According to the CIA World Factbook, “unrest persists in 2013, and the death toll among Syrian Government forces, opposition forces and civilians has topped 100,000.” It is important to show a bit of history before going into the current conflict of Syria because of the different rulers the country has had and how that has shaped its people and government today. After World War I, Syria was a territory of France for a few years until granting it its independence in 1946.
In its first decades, it was politically unstable and multiple coups broke out, so it united with Egypt to create the United Arab Republic just to break apart a few years later. Hafiz al-Asad seized power in a bloodless coup in 1970 and finally brought political stability to the country for the time being.
After the death of President al-Asad, his son, Bashar al-Asad, was elected to take over, but multiple anti-government protests broke out against him in 2011 and are still underway. The protesters called for the removal of the restrictive Emergency Law that allowed people to be arrested without a charge. They also wanted to remove corrupt local officials and to legalize political parties. Since late 2011, international pressure has been put on the Asad regime as many nations have put sanctions against the regime.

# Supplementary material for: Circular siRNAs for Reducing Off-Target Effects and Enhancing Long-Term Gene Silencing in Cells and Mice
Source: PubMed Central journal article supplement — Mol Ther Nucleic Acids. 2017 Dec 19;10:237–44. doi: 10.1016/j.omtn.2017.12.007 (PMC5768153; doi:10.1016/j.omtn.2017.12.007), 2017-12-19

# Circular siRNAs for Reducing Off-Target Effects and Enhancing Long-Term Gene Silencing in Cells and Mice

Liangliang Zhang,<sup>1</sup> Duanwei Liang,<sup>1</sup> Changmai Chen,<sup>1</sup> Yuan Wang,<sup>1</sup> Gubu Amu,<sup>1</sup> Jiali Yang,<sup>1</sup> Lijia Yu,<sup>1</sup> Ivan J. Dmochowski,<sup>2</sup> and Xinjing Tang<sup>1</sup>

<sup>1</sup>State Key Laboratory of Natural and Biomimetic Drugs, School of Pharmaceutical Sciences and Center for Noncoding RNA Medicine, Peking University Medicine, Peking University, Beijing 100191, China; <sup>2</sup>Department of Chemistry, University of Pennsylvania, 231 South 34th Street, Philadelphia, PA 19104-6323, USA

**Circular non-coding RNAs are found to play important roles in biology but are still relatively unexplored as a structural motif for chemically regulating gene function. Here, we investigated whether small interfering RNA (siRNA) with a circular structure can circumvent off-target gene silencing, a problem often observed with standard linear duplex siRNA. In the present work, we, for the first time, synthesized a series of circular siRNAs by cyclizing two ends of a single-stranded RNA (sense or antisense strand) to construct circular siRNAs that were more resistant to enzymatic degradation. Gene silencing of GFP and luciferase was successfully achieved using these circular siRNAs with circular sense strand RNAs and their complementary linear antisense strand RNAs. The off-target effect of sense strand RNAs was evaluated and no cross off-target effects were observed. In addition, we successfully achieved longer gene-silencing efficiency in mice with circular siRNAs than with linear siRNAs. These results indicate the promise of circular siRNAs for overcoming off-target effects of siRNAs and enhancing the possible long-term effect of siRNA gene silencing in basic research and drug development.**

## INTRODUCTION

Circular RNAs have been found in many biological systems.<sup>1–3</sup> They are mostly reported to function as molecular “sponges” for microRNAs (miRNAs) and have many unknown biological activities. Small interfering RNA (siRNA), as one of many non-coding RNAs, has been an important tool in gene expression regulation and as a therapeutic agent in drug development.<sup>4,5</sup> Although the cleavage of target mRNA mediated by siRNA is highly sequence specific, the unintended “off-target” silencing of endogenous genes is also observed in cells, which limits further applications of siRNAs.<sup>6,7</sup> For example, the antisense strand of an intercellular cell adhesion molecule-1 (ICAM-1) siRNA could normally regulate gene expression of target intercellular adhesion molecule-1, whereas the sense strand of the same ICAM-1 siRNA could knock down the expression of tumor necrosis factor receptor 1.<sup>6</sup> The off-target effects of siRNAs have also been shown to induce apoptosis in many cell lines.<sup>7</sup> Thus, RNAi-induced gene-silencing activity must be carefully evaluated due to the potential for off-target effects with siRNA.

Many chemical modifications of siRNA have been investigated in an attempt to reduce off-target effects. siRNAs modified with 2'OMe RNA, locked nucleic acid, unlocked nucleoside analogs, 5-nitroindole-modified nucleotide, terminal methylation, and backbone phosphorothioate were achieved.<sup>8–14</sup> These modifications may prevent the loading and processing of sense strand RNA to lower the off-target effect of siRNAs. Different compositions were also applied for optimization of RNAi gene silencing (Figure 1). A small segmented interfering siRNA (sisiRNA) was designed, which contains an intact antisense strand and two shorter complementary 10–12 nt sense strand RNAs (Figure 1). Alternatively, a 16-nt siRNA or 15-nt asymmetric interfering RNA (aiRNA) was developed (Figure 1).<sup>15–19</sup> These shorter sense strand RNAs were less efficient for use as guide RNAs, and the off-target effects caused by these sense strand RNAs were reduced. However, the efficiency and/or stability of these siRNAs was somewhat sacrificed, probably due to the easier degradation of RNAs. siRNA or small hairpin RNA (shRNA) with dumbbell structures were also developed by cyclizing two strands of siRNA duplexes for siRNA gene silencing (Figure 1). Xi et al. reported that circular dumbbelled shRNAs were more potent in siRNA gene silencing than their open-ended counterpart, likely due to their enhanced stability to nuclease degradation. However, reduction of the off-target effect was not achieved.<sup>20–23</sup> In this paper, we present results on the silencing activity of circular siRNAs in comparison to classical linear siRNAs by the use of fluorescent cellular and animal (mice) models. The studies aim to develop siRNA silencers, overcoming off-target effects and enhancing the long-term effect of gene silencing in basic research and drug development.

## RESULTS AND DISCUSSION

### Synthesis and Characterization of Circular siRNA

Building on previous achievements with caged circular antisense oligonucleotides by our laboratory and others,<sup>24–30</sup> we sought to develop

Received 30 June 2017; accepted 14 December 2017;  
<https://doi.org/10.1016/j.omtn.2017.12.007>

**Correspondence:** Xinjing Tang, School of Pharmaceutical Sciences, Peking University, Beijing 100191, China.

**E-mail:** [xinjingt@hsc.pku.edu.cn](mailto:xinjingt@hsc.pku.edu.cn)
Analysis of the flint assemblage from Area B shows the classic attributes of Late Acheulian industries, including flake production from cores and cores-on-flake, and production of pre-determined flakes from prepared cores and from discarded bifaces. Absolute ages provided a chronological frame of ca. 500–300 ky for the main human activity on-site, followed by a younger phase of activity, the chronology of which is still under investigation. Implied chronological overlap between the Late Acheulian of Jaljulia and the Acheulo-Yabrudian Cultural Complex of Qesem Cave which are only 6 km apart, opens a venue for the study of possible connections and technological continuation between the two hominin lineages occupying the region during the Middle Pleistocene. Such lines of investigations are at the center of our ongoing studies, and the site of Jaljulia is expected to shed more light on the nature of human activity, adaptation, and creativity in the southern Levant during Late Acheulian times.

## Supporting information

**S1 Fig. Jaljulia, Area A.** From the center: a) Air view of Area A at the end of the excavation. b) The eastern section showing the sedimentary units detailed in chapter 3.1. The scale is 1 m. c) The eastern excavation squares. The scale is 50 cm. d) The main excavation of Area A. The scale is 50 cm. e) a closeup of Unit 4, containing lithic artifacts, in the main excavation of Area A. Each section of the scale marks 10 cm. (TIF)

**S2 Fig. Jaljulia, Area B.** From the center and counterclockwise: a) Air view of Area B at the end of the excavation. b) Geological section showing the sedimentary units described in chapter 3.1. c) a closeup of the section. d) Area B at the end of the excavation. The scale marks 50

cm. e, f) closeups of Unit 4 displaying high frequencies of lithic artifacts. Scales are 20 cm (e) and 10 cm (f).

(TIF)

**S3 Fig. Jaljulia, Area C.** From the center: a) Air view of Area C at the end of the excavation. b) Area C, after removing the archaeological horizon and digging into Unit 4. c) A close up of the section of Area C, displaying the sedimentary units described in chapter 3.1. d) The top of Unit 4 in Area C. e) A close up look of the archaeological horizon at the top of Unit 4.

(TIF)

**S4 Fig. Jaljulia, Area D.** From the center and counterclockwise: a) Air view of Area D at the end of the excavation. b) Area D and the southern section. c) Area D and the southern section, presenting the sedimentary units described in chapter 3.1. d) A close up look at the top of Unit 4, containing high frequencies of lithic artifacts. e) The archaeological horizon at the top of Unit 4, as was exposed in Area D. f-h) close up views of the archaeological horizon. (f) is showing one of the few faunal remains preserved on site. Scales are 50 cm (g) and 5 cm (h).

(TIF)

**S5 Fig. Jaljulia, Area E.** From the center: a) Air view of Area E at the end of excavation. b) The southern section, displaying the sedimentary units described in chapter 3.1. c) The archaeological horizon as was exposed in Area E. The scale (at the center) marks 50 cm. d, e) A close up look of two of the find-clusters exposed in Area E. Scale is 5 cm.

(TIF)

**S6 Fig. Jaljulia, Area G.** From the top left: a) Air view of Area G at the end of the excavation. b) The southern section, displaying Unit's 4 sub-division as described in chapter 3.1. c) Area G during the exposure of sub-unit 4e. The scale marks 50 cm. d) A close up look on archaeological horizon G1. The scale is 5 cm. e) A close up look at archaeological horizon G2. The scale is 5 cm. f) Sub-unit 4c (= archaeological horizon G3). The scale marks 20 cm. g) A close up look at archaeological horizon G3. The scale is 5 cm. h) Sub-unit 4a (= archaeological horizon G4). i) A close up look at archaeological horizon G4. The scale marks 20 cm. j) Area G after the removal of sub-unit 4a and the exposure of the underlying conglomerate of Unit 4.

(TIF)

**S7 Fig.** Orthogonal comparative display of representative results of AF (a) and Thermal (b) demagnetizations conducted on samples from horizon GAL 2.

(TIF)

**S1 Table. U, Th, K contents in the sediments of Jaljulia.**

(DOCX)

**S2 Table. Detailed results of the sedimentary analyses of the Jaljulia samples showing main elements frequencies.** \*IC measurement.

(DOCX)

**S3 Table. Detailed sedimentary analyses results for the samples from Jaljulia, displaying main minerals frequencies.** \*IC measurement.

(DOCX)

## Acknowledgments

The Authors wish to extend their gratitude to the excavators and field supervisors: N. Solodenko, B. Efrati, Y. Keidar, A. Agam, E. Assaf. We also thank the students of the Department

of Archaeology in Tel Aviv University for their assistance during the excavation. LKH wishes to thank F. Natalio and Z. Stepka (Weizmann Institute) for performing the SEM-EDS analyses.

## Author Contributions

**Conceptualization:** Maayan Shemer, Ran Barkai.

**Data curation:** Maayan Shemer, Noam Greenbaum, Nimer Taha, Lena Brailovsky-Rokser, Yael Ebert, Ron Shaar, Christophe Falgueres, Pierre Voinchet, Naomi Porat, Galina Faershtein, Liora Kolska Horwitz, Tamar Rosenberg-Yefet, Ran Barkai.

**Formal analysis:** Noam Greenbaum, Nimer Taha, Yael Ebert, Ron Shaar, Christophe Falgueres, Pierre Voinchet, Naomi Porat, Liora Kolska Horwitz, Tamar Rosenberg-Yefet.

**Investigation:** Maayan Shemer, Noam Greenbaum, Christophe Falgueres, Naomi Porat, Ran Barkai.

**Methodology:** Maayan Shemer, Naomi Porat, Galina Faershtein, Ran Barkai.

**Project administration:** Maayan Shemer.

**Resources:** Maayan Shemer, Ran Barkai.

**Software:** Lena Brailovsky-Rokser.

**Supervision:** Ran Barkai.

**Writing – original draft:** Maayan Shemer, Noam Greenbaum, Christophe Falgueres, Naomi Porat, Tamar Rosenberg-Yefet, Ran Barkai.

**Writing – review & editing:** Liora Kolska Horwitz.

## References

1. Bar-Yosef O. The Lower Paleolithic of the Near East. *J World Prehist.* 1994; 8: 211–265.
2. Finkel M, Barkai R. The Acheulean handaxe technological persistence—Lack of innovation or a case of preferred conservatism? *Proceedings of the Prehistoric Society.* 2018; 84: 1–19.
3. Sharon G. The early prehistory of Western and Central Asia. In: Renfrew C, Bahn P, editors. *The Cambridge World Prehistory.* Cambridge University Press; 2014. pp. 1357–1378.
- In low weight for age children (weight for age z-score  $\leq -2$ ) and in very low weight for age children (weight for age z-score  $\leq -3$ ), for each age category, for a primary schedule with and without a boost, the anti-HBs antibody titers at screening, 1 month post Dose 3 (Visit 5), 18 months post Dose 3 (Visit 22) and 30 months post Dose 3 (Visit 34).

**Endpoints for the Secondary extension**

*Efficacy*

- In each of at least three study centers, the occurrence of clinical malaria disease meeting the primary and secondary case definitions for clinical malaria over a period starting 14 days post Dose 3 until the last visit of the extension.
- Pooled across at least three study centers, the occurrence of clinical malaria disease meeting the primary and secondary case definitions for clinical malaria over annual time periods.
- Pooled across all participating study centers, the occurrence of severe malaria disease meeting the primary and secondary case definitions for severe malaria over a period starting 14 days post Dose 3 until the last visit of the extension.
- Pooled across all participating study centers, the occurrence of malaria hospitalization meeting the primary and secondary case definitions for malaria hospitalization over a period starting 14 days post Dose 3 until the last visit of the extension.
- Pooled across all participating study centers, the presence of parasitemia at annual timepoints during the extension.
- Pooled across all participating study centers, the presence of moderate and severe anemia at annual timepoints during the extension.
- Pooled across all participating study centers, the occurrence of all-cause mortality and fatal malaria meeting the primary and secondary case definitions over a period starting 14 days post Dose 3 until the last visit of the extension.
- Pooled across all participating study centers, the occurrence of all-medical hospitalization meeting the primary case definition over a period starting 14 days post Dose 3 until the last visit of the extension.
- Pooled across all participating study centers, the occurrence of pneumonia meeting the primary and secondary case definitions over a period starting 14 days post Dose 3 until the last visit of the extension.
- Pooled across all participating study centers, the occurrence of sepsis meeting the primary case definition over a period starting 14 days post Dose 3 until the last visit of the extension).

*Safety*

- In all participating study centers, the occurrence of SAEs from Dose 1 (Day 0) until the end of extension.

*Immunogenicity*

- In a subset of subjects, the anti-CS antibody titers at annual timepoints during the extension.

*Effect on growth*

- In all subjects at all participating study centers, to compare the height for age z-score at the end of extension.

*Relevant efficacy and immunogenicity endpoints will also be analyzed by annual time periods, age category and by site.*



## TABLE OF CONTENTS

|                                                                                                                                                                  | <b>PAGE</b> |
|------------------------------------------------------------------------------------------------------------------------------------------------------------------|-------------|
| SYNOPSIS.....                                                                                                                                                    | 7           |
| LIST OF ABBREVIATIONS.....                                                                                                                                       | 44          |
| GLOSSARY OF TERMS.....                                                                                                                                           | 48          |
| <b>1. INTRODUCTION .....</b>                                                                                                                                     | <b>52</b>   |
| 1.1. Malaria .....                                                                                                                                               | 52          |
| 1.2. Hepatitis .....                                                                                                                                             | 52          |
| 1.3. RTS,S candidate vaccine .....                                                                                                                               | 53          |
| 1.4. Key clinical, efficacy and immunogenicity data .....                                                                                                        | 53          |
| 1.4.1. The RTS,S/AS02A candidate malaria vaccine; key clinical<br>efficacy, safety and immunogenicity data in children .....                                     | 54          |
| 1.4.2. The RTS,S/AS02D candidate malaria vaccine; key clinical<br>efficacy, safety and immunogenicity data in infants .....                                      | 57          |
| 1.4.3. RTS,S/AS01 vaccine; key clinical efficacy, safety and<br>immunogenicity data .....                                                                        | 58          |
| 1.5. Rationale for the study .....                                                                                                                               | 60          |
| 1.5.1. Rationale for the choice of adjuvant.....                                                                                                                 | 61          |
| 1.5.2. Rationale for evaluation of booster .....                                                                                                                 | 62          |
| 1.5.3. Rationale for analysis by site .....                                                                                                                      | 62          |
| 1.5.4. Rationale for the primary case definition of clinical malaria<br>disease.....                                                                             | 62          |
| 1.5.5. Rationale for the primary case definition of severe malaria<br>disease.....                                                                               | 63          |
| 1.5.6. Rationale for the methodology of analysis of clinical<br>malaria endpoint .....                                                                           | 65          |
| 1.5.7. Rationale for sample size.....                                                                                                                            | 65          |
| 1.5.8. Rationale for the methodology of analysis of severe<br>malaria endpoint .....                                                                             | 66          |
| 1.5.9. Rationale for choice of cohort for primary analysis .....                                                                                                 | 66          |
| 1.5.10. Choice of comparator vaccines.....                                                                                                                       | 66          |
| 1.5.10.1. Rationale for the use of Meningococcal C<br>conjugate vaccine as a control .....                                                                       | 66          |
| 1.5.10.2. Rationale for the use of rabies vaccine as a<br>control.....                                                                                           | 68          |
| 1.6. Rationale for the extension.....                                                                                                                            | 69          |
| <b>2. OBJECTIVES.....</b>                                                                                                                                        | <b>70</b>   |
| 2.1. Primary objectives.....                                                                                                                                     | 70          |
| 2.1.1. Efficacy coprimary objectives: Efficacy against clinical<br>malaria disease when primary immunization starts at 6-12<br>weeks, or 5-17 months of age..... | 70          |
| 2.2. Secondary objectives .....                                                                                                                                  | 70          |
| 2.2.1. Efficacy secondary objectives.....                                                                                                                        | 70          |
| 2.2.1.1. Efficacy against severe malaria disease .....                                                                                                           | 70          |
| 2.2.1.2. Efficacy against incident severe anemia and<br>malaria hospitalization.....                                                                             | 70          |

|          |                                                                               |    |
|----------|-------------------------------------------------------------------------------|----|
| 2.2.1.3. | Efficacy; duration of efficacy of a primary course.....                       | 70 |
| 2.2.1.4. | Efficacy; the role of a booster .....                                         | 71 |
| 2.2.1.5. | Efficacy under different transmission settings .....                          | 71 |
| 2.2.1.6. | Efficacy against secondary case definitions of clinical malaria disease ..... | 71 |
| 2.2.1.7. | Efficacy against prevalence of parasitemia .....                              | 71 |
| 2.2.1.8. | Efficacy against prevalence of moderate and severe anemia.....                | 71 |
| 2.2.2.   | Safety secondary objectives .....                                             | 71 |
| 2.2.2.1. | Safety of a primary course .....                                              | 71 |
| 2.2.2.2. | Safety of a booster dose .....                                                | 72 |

Millions have been forced from their homes in Syria and have virtually no place to seek refuge from the conflict. There are currently 9 million people that are displaced and literally need the aid of the United Nations or they will not be able to survive. Around 50 people died of starvation and hunger-related illnesses because the government issued a blockade around their district of Yarmouk.
There are over 300 people in that district that are starving and all that the United Nations is able to get to those people is only 26 parcels of food. Syrian authorities have killed about 11,000 detainees whose bodies showed signs of torture, beatings and extreme emaciation due to forced starving.
On January 21, the United States pledged $380 million for this year to the victims that are suffering the ruthless civil war. They fear however, that the humanitarian assistance may not be permitted by the Syrian president, Asad. Though the U.S. is the largest donor to the Syrian conflict, what it is offering is nothing compared to the $6.5 billion the U.N. plans on raising.
Since the war began, the U.S. has committed a total of $1.7 billion in humanitarian aid to those nine million displaced Syrian citizens, two million of which are believed to have fled to bordering countries. Of the pledged $380 million from the U.S., half of it will be going to the U.N. programs for victims, especially those children who need education, health care and emotional counseling. The U.S. will also be offering an extra $2.5 million to U.N. programs helping Syrian refugees in North Africa, Europe and Persian Gulf states.
– Kenneth W. Kliesner